Klippel-Feil Syndrome (KFS)
What is Klippel-Feil syndrome (KFS)?
Klippel-Feil syndrome (KFS) is a rare skeletal disorder primarily characterized by an abnormal fusion of two or more bones of the spinal column (vertebrae) within the neck (cervical vertebrae). This vertebral fusion is present from birth.
There are three subtypes of KFS:
- Type I: Massive fusion of the cervical spine
- Type II: Fusion of one or two vertebrae
- Type III: Presence of thoracic and lumbar spine anomalies in association with type I or type II Klippel-Feil syndrome
What are the symptoms of Klippel-Feil syndrome?
Three major features result from this vertebral fusion: a short neck, the resulting appearance of a low hairline at the back of the head, and a limited range of motion in the neck. Most affected people have one or two of these characteristic features. Less than half of all individuals with KFS have all three classic features of this condition.
In some individuals, KFS can be associated with a variety of additional symptoms and physical abnormalities. These may include:
- Abnormal curvature of the spine (scoliosis) and/or vertebral instability
- Spina bifida occulta
- Raised scapula (Sprengel’s deformity)
- Absent rib(s) and other rib defects including cervical ribs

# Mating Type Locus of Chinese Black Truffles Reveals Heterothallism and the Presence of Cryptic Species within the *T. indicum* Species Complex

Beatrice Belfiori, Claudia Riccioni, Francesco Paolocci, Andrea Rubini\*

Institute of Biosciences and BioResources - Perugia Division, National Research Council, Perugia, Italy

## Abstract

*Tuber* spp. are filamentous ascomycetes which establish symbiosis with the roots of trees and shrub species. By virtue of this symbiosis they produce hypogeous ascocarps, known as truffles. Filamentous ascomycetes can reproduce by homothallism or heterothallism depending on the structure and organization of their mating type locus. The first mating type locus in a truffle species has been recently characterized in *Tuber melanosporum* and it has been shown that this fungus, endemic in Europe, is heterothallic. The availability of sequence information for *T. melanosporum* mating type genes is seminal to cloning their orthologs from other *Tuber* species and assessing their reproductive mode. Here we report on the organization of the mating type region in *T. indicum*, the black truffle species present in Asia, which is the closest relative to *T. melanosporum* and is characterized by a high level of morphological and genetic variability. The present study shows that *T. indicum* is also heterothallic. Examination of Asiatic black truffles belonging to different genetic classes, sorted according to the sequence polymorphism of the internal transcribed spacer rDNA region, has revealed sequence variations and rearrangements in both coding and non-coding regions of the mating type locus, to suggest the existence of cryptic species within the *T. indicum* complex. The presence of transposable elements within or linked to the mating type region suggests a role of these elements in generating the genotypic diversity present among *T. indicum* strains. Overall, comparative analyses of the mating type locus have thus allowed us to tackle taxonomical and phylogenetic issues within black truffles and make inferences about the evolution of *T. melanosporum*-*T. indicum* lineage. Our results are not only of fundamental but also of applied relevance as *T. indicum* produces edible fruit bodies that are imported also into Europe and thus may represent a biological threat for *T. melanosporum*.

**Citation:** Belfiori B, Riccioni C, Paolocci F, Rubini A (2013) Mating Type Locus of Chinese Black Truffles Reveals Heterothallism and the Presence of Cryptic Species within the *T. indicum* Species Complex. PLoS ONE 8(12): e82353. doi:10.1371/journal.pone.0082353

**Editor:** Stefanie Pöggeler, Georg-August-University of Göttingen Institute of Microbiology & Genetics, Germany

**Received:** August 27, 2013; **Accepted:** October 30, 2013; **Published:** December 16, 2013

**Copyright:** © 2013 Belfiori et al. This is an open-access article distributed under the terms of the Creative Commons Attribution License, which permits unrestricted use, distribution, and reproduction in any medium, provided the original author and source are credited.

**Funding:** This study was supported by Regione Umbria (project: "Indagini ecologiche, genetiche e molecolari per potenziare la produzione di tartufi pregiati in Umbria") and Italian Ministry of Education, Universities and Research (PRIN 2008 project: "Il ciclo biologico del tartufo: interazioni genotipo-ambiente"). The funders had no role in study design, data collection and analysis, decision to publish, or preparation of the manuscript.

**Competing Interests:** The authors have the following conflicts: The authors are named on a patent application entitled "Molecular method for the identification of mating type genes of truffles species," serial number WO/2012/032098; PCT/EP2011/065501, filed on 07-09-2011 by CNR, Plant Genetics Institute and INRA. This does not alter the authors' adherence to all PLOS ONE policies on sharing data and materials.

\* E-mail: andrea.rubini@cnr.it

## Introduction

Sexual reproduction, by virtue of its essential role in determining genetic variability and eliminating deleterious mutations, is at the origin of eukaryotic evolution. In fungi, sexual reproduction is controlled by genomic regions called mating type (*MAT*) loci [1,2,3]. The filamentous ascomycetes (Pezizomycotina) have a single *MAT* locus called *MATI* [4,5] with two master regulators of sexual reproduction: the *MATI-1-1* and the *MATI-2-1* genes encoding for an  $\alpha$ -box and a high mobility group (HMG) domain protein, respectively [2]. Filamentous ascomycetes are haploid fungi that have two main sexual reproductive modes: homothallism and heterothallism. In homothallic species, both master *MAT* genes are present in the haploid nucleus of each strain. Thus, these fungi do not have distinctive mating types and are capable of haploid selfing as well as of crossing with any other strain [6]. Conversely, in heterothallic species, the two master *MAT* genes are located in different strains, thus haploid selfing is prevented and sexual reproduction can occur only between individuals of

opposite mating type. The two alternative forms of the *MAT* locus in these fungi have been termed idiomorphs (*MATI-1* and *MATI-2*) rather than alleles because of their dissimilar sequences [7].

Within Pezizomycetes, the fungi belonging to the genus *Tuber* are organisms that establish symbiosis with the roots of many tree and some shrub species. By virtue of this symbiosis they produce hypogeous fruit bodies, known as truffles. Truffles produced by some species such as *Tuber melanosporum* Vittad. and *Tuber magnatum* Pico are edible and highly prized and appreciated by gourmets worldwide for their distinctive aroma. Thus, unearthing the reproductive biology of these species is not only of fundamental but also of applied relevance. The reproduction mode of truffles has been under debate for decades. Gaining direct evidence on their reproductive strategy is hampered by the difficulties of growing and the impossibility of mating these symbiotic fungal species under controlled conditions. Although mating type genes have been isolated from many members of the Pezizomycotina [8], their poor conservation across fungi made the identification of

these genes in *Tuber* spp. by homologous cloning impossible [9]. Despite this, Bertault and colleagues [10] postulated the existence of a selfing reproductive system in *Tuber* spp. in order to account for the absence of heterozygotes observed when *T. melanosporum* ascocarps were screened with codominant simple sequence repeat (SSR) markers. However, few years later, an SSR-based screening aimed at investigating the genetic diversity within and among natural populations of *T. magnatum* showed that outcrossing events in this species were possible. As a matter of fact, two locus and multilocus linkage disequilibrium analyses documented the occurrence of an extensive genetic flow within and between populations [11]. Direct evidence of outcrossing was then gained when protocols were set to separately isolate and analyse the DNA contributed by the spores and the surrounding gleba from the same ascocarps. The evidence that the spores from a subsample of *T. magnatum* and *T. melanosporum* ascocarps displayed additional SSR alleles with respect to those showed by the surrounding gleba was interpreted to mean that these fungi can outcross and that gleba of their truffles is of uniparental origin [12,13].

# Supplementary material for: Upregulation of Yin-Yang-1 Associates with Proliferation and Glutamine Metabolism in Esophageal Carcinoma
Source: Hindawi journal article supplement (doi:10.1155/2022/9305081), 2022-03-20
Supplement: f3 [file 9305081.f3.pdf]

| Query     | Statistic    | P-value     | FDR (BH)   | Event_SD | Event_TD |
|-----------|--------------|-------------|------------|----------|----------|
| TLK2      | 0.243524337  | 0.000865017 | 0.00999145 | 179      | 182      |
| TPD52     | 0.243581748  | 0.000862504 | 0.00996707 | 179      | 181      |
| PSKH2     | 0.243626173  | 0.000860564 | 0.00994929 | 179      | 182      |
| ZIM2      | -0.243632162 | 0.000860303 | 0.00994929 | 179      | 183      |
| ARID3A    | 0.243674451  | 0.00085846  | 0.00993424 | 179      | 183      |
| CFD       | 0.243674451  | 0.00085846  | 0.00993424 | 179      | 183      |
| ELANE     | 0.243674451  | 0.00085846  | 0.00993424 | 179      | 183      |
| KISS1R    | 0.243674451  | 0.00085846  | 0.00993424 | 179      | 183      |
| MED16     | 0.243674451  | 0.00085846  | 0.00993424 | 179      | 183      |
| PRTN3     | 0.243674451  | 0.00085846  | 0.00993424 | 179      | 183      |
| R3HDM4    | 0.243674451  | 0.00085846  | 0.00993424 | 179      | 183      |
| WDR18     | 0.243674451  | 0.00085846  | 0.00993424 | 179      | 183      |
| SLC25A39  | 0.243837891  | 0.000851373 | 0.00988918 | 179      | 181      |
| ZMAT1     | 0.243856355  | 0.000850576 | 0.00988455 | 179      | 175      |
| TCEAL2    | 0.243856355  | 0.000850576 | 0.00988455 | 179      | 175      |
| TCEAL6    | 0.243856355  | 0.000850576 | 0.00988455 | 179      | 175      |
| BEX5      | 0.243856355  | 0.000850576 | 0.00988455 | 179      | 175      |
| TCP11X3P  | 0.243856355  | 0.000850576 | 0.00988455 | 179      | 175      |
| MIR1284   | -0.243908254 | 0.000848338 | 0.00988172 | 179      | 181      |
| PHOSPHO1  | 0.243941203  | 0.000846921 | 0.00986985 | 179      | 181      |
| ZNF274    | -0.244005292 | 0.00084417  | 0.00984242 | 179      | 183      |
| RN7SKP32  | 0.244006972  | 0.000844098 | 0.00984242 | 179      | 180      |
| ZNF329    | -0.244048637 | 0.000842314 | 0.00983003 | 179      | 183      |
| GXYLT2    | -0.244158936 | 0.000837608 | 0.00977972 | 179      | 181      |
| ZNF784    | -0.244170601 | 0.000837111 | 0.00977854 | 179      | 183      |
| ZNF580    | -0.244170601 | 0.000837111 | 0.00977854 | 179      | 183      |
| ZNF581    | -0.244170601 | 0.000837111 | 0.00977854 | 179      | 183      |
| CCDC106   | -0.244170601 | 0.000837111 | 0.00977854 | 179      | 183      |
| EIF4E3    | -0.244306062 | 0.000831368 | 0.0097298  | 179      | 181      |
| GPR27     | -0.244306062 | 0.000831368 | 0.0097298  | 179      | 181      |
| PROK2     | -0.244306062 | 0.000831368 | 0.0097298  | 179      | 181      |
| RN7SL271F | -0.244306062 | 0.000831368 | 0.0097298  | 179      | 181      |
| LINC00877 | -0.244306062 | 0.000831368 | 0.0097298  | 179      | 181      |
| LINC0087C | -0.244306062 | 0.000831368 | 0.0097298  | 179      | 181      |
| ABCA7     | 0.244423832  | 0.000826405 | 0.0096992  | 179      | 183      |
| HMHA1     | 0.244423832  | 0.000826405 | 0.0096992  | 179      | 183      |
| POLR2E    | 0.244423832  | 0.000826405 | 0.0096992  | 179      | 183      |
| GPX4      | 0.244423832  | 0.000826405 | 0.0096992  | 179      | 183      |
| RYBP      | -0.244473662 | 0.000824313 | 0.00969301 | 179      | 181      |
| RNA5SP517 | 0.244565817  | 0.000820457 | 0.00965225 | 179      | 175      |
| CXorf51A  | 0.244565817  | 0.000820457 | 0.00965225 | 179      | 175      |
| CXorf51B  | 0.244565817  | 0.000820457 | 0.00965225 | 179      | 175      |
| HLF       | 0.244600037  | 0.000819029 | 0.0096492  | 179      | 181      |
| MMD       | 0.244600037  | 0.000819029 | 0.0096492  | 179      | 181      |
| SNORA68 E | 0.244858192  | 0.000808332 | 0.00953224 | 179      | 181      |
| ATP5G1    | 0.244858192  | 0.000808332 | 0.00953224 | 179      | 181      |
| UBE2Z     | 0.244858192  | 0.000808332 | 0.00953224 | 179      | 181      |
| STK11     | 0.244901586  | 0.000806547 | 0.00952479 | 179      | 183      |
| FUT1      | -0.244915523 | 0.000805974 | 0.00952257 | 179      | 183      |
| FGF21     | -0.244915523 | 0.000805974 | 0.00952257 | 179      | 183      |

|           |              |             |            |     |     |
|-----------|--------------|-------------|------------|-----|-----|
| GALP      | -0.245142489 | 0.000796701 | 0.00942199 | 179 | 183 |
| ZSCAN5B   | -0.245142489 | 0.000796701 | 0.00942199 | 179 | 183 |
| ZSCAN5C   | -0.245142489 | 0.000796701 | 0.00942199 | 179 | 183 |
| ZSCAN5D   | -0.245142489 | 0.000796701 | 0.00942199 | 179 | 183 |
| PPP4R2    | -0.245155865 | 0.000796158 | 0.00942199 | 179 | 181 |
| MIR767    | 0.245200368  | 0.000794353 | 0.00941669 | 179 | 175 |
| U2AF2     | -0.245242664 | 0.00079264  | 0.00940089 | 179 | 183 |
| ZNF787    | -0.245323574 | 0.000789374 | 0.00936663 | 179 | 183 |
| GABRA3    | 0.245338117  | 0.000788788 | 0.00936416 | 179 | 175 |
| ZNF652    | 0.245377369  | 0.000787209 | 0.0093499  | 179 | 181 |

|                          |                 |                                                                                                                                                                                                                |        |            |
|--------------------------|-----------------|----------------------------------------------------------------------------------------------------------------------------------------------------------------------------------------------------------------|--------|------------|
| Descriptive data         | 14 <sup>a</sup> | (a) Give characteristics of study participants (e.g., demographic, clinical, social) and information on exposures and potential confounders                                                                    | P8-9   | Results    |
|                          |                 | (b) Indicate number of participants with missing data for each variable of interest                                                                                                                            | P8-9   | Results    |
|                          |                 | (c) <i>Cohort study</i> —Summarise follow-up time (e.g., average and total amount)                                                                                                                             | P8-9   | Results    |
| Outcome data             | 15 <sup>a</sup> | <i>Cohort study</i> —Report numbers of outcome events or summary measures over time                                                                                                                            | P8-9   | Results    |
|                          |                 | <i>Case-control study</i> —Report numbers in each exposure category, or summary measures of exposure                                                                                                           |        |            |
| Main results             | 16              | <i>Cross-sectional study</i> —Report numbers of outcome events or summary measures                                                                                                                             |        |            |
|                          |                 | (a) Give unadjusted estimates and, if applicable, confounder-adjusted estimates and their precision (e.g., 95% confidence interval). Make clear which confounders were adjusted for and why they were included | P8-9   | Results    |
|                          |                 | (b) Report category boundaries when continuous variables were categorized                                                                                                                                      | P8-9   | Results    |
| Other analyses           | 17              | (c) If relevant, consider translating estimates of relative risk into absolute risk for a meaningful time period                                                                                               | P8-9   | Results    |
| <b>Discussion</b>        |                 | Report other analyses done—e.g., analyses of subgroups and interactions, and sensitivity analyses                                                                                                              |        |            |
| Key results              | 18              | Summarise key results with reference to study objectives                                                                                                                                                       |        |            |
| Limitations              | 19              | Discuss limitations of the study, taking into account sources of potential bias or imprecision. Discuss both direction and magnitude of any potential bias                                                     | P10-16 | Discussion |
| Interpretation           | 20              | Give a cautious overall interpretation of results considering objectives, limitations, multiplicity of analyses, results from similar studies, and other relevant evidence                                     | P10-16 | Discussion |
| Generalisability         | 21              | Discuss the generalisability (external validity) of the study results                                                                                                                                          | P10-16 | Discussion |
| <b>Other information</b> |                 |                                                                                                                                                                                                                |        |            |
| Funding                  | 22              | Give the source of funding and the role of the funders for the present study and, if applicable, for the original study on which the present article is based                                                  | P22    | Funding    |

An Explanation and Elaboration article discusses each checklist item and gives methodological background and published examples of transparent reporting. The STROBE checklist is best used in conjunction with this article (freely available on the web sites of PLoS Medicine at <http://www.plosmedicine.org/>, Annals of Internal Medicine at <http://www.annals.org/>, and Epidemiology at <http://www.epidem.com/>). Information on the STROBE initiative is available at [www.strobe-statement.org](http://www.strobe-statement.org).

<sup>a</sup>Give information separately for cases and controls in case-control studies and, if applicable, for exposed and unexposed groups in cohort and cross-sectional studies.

- Skeletal malformations of the ear, nose, mouth, and larynx, including hearing impairment
- Cleft palate
- Malformations of the head and facial (craniofacial) area
- Anomalies of the urinary tract and/or kidney including absent or horse-shoe kidney
- Structural abnormalities of the heart (congenital heart defects)
- Webbing of the fingers and/or toes
- Digital hypoplasia
What causes Klippel-Feil syndrome?
Generally, KFS appears to occur randomly and for unknown reasons. However, in other cases, familial patterns have been reported that indicate autosomal dominant or autosomal recessive inheritance. Most likely, KFS is multifactorial, which means that several different factors, including genetic factors, all play some causative role. In addition, different genetic defects can cause KFS (genetic herterogeneity) in different people.
How is Klippel-Feil syndrome diagnosed?
KFS may be diagnosed at birth based on a thorough clinical evaluation, identification of characteristic physical findings, and specialized tests. An MRI is often used to confirm diagnosis.
Additional specialized tests may also be conducted to help detect and/or characterize other abnormalities that may be associated with KFS.
What treatments are available for Klippel-Feil syndrome?
The treatment of KFS is directed towards the specific symptoms and associated physical findings that are apparent in each individual.
Therapy for KFS can include a variety of conservative measures including the use of cervical collars, braces, traction, non-steroidal anti-inflammatory drugs (NSAIDs), and various pain medications.